We seem to have been inundated with shoot ’em ups recently, but with so many being rereleases or remasters or remakes, it’s always nice when a new one enters the fray.
That doesn’t stop Star Hunter DX from 1CC Games from presenting itself as a blast from the past, though. This may be a game new for 2021, but it has a retro aesthetic that will charm fans of old-school shooters. Its pixelated visuals are colourful and bold, while its characters and story scenes pack in plenty of 80s sci-fi flair. Needless to say, it also has a synth-filled soundtrack to complement the action.
It’s just a shame that Star Hunter DX is so light on modes, in that really it only has one. Start the game and you’ll find that you only have access to one character at the outset, a woman called Luna Starr. She’s the central character of Star Hunter DX – the former leader of Viper Squad who was left for dead and now seeks vengeance on her team.
Across six stages you need to take control of Starr as she pilots her ship through numerous locations, blasting at a myriad of foes until she comes up against one of her targets. And with her bounty of attacks and abilities, you’d think it would be easy. Her rapid fire spreads bullets in a wide arc, making it useful when there are many enemies on screen, but she can also opt for more focused laser fire if she pleases. She has bombs at her disposal, too, clearing enemies and bullets from the area around her.
As enemies are killed with bullets and bombs, however, her ship absorbs their energy. Then, when enough energy has been stored, Starr can enable Bullet Time, slowing down everything around her. It’s best used when the screen is awash with enemy projectiles, or when you’re facing off against a tough boss, but the state doesn’t last forever.
For score chasers, Bullet Time has another nifty quirk, too. Enemies killed in bullet time drop golden cubes instead of energy, which are worth lots of points. Even better, the size of the golden cubes dropped correlate to your score multiplier. So, play well and raise your score multiplier, and when activating Bullet Time you can boost your score considerably.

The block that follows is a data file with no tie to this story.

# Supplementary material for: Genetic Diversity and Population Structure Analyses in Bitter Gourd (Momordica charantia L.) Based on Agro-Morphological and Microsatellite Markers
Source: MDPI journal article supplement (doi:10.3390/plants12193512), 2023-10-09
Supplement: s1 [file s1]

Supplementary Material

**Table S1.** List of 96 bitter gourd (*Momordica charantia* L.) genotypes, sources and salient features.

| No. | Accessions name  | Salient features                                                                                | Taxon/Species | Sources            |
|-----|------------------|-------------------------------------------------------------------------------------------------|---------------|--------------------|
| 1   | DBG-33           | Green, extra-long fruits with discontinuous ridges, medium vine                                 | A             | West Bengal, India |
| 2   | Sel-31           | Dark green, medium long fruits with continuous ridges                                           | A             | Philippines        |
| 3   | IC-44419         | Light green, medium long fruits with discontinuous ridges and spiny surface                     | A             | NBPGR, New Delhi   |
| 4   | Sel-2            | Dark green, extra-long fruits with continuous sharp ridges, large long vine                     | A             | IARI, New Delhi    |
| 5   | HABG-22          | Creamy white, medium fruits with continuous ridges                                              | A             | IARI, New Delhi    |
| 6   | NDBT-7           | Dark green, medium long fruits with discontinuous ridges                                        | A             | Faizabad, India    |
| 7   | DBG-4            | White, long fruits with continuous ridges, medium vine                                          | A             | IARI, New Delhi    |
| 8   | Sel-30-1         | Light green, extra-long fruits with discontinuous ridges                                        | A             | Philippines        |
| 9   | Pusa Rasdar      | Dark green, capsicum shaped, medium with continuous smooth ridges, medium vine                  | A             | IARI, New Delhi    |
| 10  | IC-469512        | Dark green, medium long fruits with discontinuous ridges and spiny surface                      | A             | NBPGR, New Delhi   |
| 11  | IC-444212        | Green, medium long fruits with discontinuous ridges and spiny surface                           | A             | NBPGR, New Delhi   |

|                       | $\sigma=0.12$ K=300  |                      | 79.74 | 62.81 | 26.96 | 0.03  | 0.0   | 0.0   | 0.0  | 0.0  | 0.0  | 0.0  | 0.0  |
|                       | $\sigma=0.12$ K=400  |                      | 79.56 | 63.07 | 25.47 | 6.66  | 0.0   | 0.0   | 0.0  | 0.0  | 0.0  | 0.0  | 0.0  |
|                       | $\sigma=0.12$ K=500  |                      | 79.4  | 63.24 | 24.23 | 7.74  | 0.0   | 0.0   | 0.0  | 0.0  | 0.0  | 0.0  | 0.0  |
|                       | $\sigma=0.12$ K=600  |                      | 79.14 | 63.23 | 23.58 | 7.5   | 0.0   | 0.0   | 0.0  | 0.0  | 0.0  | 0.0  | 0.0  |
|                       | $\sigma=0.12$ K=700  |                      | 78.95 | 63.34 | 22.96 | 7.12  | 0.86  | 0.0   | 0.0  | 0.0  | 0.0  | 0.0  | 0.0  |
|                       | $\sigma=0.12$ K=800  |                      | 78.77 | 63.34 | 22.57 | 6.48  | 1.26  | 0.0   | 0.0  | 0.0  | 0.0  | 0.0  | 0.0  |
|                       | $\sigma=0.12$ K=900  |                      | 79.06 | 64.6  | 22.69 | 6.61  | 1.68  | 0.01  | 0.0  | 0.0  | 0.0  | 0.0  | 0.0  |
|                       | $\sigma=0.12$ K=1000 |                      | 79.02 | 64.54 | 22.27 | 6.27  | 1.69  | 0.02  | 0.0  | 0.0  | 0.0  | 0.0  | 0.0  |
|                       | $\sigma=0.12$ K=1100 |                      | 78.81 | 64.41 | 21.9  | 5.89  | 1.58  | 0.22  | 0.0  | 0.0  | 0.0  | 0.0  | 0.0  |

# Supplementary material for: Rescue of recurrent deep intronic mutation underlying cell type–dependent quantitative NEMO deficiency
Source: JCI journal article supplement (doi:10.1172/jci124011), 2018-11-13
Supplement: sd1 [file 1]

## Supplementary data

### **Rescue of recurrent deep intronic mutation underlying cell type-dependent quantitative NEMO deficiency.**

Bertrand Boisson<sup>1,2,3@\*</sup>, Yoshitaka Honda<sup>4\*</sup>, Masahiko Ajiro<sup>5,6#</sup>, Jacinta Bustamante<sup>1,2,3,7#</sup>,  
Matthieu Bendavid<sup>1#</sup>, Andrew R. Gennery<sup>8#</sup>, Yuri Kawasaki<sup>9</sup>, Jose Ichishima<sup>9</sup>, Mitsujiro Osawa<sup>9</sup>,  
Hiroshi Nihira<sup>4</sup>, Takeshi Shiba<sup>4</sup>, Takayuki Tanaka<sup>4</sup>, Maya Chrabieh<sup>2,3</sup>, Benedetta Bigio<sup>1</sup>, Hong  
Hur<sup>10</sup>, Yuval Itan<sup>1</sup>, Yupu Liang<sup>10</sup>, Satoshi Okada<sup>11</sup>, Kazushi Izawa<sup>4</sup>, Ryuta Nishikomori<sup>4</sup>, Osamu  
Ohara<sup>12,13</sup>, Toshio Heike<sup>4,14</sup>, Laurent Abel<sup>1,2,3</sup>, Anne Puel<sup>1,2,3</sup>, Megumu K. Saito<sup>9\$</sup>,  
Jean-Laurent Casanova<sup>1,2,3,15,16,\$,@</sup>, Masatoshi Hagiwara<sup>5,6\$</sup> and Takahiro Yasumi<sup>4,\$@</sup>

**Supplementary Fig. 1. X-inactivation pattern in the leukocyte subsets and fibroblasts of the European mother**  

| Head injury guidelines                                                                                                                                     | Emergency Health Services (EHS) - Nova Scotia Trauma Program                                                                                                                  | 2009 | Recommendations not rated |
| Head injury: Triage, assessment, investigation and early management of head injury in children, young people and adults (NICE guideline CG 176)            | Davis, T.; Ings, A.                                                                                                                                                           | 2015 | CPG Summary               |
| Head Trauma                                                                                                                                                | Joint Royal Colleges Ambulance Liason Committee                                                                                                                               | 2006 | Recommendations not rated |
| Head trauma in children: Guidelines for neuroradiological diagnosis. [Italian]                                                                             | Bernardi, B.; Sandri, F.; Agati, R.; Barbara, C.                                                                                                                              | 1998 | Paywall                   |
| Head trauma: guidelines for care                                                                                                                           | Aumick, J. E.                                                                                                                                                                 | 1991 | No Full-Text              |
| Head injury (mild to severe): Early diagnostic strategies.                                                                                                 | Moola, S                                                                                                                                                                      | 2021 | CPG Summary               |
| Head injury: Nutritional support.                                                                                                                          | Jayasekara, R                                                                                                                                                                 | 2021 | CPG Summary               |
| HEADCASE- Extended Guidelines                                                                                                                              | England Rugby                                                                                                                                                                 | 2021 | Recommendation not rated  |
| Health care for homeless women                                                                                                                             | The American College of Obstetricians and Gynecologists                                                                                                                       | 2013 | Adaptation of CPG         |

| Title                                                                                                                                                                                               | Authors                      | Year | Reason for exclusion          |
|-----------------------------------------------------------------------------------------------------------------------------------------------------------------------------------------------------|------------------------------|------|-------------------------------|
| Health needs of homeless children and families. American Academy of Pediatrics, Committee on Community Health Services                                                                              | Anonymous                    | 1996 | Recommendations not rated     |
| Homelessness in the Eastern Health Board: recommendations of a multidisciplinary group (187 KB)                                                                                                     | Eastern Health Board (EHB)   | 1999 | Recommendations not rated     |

Star Hunter DX is a brutally challenging game though, even when played on the easiest of its three difficulty levels. You won’t find any any infinite continues here, and neither will your enemies go easy on you. Right from the first stage, the screen is sometimes so full of enemies and projectiles that navigating your way through them while returning fire seems like a tall order. There’s no skipping stages you’ve completed the next time you play, either.
There is a practice mode, however, that lets you develop your skills on any stage or boss you’ve reached. You can even determine how many lives you have, your power level, and more. It comes in particularly handy for mastering the later stages rather than playing through the main mode time and time again.
Those who do master Star Hunter DX will be rewarded with two unlockable characters that change the gameplay up somewhat. It’s just a shame that the leaderboards are local only; if they were online, players would no doubt have great fun trying to beat others from around the world.
The lack of modes and the high level of difficulty will mean that Star Hunter DX won’t be for everyone, but for ardent shoot ’em up fans it’s well worth a look, especially considering its budget price. Its Bullet Time mechanic, at least, makes this shooter stand out from the crowd, and the charming audio and visuals are the icing on the cake.
Star Hunter DX Review: GameSpew’s Score